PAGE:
John Bussel, Hewins Financial Principal and family-based foundation specialist, will be presenting this week an advisor’s take on high-impact giving and other issues discussed in the new book by renowned philanthropy expert Joel Fleishman, Give Smart.
Q: Today’s wealthy individuals and families face significant social pressure to be experts on complex issues. They’re expected not just to fund solutions but also to find them. How do you as an advisor enable a giving culture for clients that you might work with?
First of all, we’re dealing in a very complicated, difficult, and messy world. There are numerous problems and issues, and areas of suffering. There’s tons of need that relates to the very basics of living for different populations both locally in communities across the United States and around the world. This ranges from the very basics of feeding, clothing and housing people to the more complex issues of helping them get educated, empowering them to learn how to make a living, and helping them take care of themselves and their families. Ultimately the goal in addressing such needs is to encourage and foster cooperation, civil society, and functioning civilization.
The people who have been able to create wealth and have an inherent desire to be generous with that wealth face a lot of challenges in how to do so effectively and intelligently. It’s not something that people can take lightly. When you think about how long, how challenging, and how much work it takes typically for an individual, family or company to be successful, it similarly takes a lot of work to maintain, preserve and grow that wealth effectively—which is the core of what we strive to do as advisors at Hewins Financial.
What many don’t quite realize is that your generosity with that success also takes a lot of commitment, thought, care, and rigor.
Joel Fleishman’s Give Smart describes very well how it’s not hard to write checks and support a lot of organizations. The real challenge is to help donors feel encouraged that the dollars they’re giving are bringing back results -and to help them feel a real connection to those results—which is really the magic of philanthropy to me. The real exhilaration, impact, and sense of satisfaction is not from the amount on the check but rather that the funding that you provided helped to support an idea, a program, or an institution and really worked.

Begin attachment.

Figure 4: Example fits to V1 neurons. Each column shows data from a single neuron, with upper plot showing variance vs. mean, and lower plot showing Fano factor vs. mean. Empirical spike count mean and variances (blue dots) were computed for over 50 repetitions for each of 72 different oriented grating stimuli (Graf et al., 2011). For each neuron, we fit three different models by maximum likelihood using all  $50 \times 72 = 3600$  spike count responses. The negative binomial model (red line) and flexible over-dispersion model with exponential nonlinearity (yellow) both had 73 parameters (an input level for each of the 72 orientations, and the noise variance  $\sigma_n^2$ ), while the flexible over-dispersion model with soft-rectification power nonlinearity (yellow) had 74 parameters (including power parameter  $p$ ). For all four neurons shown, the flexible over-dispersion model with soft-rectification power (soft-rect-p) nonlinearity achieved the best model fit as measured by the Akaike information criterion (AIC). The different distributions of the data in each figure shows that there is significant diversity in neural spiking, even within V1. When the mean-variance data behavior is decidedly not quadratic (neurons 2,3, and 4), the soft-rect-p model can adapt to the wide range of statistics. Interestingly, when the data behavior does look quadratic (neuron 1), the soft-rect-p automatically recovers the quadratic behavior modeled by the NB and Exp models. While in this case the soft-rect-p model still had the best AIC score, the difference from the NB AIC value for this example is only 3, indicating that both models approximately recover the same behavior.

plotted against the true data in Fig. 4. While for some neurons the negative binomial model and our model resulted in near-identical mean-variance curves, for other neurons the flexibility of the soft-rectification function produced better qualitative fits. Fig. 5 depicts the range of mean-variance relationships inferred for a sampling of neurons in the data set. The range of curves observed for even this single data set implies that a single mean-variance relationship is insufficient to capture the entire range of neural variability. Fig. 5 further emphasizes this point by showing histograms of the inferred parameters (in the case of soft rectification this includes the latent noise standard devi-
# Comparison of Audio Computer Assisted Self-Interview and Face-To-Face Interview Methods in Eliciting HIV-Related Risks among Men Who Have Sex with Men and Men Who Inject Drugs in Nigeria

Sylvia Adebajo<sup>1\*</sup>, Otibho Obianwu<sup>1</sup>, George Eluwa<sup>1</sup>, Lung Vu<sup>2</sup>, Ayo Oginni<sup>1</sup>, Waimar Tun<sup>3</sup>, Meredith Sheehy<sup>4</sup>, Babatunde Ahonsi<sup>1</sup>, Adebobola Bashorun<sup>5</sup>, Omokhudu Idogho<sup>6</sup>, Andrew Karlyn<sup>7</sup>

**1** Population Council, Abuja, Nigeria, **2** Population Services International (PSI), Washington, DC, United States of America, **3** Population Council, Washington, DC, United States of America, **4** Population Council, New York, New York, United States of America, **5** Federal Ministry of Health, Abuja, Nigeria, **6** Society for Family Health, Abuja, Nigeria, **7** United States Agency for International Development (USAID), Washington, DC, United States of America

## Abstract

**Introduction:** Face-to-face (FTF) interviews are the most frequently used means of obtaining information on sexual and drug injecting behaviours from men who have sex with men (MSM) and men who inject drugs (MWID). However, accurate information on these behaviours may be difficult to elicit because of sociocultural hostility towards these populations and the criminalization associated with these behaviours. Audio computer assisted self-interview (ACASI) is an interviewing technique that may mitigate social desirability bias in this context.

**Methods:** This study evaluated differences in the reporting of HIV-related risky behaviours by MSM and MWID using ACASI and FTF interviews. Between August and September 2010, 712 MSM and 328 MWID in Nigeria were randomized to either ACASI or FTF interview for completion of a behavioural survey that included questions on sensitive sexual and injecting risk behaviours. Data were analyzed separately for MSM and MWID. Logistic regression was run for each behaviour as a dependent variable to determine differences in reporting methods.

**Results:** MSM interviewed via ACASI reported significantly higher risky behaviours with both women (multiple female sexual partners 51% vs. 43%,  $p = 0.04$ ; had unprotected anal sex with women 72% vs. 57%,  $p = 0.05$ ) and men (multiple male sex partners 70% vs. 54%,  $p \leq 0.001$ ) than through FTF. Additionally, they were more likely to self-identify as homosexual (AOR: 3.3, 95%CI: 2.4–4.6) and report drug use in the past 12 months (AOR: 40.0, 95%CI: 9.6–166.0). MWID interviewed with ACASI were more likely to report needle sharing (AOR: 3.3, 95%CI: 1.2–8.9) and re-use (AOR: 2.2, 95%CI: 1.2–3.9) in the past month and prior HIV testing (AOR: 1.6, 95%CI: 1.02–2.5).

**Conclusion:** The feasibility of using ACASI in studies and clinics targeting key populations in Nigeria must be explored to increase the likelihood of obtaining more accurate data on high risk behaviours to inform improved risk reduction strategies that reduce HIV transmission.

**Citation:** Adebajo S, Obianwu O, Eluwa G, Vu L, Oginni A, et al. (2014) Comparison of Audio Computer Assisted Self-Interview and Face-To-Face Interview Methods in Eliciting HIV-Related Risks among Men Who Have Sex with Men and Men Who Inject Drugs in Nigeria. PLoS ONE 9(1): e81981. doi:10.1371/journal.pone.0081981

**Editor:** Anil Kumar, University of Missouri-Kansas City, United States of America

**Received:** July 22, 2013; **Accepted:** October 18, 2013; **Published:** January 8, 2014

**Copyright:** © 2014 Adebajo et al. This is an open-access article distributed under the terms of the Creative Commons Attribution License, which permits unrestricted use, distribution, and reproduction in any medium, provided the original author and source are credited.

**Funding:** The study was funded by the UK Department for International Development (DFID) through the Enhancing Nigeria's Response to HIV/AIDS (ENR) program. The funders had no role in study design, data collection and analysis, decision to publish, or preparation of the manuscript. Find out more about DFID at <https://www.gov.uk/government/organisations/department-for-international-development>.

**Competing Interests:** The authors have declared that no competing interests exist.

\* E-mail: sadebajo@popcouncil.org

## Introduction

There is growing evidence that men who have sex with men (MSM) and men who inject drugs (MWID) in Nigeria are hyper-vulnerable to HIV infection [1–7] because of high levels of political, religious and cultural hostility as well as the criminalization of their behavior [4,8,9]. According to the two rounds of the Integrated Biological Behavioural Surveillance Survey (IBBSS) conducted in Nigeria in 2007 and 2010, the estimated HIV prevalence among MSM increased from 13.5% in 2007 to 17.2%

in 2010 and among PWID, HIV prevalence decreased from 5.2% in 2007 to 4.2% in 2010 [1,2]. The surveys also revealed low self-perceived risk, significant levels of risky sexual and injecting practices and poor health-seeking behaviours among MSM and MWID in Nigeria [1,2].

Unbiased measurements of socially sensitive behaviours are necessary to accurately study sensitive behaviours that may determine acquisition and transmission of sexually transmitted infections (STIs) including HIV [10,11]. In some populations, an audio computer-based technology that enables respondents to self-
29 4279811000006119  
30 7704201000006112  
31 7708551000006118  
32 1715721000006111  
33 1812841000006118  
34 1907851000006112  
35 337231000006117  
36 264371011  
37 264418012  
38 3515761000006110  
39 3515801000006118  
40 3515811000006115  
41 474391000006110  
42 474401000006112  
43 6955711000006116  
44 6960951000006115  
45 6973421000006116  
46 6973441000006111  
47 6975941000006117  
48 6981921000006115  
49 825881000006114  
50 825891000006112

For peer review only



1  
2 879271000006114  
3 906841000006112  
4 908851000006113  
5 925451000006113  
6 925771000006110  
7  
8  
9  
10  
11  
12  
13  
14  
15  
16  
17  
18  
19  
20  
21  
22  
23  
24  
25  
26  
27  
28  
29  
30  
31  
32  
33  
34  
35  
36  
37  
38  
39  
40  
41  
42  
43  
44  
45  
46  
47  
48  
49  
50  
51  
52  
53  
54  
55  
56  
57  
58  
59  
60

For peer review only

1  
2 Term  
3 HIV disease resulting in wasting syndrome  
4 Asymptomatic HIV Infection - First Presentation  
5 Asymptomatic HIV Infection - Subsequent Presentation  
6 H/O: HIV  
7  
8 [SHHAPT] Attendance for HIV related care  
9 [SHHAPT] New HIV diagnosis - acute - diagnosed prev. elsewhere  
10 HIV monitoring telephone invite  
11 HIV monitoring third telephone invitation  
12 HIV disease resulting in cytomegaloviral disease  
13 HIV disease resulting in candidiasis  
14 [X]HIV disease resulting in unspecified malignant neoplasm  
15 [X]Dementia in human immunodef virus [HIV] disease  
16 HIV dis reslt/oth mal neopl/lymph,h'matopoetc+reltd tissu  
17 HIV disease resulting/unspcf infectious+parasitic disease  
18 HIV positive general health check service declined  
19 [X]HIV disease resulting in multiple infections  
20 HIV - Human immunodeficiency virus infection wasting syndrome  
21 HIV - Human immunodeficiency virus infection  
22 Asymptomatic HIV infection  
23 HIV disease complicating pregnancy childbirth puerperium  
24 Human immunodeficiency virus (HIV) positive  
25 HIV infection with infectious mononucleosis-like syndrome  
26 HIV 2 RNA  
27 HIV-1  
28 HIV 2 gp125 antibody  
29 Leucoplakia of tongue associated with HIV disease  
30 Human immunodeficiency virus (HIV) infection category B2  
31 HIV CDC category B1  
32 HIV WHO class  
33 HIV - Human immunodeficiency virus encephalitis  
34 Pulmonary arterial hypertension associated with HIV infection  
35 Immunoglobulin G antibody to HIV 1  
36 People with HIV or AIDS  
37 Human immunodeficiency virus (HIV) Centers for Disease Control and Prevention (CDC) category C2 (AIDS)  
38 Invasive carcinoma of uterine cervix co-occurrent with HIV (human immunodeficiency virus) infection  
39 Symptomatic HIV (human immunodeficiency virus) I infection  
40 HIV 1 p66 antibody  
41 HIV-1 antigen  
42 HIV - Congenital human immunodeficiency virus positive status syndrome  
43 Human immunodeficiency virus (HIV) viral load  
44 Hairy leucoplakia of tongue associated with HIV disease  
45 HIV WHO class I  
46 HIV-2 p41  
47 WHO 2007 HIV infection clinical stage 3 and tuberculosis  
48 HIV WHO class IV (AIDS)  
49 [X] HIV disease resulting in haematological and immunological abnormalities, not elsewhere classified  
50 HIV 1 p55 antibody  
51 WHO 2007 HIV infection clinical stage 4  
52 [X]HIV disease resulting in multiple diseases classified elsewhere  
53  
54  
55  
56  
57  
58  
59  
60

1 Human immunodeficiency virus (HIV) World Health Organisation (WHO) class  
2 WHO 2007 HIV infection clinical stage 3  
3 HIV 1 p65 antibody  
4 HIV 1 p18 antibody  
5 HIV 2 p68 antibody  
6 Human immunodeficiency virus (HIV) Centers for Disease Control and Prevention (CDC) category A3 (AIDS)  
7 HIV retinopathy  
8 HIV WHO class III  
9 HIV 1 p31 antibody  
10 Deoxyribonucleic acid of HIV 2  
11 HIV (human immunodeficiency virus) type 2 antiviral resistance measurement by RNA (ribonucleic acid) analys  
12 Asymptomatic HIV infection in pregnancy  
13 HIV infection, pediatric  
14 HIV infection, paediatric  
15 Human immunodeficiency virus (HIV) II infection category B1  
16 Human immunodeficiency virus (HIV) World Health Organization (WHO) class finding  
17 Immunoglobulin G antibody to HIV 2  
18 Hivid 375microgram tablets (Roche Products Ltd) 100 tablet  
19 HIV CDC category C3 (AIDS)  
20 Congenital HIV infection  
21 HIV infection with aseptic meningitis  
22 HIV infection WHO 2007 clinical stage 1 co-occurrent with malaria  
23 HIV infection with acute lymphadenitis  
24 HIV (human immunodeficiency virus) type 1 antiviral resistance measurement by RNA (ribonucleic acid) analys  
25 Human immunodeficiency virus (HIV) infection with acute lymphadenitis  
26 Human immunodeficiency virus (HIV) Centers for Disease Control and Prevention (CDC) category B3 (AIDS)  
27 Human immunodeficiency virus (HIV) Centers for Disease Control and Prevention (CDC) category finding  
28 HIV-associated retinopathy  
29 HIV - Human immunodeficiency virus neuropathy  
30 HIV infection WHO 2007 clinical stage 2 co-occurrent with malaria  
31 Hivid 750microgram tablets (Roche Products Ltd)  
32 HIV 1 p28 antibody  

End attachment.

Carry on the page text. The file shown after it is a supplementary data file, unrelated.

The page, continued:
Looking back it’s not, “I gave x amount of dollars,” it’s, “these are the number of children that were impacted by the work that we did” or “these were the number of lives saved by the work we did” or “these were the new techniques or inventions that were developed or discovered thanks to the philanthropy that my foundation has given.” The point as an advisor is to get donors to think in a very disciplined and thoughtful way- they should apply the same mindset they use to create the wealth to giving the money away.
Q: There’s a quote in the book: “The level of need at home and throughout the world is enormous, even overwhelming . . . The temptation to do everything and satisfy everyone may generate accolades, but rarely generates results.” The authors argue that the natural condition of philanthropy is chronic underperformance. Do you agree with that and what are your thoughts on that notion?
It doesn’t seem like it should take as much work as it usually does to give money away to charity. Intuitively it seems like it should be a simple thing. People generally take a very straightforward and simple approach to it and don’t think enough about where the dollars are going and how they are impacting society.
Once you dig in a bit, you start to realize, wow—there’s a lot here. For example, if you have a great idea of what can make a successful business, think about all the work it takes to make that idea successful, to create demand, to generate sales, to expand the business, and to factor in hiring and how you’re going to fund it all; you have to think about these same factors in giving the money away.
It’s no fault to individuals themselves, but I believe that as a society we haven’t put enough emphasis on how demanding the work is for philanthropy to be effective. But the reward for successful philanthropy can really drive you—it’s highly motivating. What Tierney and Fleishman have done is put together a primer for people who want to think beyond the simple task of check writing and toward what’s needed in society to make it a better place. The more that people think about how they want to give their money away, where it goes, and properly track the effectiveness, the better it could be for everyone. Society could well reap the benefits.